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Diagnosis Of Schizophrenia

A physician must make a diagnosis of schizophrenia on the basis of a standardized list of outwardly observable symptoms, not on the basis of internal psychological processes. There are no specific laboratory tests that can be used to diagnose schizophrenia. Researchers have, however, discovered that patients with schizophrenia have certain abnormalities in the structure and functioning of the brain compared to normal test subjects. These discoveries have been made with the help of imaging techniques such as computed tomography scans (CT scans).

When a psychiatrist assesses a patient for schizophrenia, he or she will begin by excluding physical conditions that can cause abnormal thinking and some other behaviors associated with schizophrenia. These conditions include organic brain disorders (including traumatic injuries of the brain) temporal lobe epilepsy, Wilson's disease, Huntington's chorea, and encephalitis. The doctor will also need to rule out substance abuse disorders, especially amphetamine use.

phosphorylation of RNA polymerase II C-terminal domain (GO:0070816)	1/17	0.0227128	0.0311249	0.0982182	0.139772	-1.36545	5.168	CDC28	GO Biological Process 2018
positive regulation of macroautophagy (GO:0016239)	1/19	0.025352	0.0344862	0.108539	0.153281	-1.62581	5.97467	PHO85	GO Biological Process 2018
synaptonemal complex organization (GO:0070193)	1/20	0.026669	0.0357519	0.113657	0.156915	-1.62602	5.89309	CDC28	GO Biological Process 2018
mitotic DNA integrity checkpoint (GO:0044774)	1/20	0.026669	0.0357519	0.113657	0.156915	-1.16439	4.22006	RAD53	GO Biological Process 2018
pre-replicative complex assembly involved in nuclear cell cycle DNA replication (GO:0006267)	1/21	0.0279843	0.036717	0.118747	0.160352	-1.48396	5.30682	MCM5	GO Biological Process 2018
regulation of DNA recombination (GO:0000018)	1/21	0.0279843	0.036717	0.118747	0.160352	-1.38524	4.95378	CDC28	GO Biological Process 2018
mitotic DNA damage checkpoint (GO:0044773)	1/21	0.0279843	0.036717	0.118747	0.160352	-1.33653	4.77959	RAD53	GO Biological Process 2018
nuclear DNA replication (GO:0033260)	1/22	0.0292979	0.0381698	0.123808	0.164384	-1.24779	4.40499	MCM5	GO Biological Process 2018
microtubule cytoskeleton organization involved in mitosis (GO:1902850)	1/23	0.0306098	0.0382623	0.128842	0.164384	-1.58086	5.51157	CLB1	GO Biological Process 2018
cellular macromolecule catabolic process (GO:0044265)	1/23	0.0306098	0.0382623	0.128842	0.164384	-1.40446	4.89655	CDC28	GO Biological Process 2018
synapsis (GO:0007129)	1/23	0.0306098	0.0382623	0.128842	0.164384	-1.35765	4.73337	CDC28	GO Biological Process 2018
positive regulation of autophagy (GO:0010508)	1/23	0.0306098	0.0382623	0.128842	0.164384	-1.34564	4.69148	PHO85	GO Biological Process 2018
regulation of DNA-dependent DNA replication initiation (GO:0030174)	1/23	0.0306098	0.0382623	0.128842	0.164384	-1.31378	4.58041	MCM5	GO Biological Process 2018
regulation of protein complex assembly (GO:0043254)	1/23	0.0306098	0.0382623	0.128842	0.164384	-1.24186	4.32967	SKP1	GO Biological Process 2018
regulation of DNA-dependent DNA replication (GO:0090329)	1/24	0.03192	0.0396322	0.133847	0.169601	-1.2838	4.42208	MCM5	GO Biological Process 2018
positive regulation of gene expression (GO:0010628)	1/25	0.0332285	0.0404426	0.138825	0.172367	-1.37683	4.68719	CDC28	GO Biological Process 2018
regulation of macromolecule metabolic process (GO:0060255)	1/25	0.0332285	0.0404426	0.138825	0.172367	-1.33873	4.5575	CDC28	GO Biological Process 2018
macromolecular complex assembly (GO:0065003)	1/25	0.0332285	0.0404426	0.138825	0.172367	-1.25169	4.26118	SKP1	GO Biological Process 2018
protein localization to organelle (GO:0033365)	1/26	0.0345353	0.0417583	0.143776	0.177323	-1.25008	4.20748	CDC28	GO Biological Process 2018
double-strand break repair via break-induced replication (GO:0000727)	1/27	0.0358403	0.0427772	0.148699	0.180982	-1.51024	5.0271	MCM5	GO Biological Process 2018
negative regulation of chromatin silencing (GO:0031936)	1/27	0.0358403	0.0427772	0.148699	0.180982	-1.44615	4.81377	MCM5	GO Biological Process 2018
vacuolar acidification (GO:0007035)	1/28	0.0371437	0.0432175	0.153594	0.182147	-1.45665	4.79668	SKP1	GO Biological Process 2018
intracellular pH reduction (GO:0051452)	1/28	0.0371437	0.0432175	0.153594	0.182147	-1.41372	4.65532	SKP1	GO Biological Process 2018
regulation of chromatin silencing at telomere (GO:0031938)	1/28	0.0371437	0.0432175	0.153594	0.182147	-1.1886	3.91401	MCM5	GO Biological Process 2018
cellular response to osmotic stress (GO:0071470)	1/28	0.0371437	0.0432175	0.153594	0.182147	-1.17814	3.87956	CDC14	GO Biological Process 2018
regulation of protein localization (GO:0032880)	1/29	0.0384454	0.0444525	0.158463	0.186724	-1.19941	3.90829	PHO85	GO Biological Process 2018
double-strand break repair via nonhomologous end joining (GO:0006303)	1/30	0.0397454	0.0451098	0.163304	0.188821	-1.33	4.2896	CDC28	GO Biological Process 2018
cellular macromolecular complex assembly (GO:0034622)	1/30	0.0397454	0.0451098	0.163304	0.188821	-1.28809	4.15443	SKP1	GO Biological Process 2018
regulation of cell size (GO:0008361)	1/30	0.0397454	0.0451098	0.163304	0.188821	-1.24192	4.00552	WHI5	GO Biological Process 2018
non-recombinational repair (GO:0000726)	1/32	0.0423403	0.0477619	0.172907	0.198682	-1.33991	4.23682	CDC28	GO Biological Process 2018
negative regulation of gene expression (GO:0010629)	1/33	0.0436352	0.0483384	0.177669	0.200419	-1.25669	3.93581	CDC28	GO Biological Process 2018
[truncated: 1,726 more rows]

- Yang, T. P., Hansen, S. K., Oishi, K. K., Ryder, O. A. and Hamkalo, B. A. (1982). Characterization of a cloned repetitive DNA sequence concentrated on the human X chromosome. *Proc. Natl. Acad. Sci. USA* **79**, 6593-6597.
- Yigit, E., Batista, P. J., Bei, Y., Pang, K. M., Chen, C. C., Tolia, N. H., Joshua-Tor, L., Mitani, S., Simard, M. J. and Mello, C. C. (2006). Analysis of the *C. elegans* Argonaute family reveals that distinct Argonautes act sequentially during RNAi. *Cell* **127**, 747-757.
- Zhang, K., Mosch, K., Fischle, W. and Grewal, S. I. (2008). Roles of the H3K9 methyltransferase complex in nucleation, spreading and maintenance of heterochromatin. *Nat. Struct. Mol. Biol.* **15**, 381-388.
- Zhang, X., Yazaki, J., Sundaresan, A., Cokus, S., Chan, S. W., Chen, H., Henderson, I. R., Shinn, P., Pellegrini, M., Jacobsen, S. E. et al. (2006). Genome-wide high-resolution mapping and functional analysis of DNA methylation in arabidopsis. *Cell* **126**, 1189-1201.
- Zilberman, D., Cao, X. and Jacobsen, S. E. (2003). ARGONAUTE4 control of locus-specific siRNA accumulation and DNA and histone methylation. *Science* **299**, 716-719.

After ruling out organic disorders, the physician will consider other psychiatric conditions that may include psychotic symptoms or symptoms resembling psychosis. These disorders include mood disorders with psychotic features; delusional disorder; dissociative disorder not otherwise specified (DDNOS) or multiple personality disorder; schizotypal, schizoid, or paranoid personality disorders; and atypical reactive disorders. In the past, many individuals were incorrectly diagnosed as schizophrenic. Some patients who were diagnosed prior to the changes in categorization introduced by DSM-IV and DSM-IV-TR should have their diagnoses, and treatment, reevaluated. In children, the physician must distinguish between psychotic symptoms and a vivid fantasy life, and also identify learning problems or disorders. After other conditions have been ruled out, the patient must meet a set of criteria specified by DSM-IV and DSM-IV-TR:

  • Characteristic symptoms. The patient must have two (or more) of the following symptoms during a one-month period: delusions; hallucinations; disorganized speech; disorganized or catatonic behavior; negative symptoms.
  • Decline in social, interpersonal, or occupational functioning, including self-care.
  • Duration. The disturbed behavior must last for at least six months.
  • Diagnostic exclusions. Mood disorders, substance abuse disorders, medical conditions, and developmental disorders have been ruled out.

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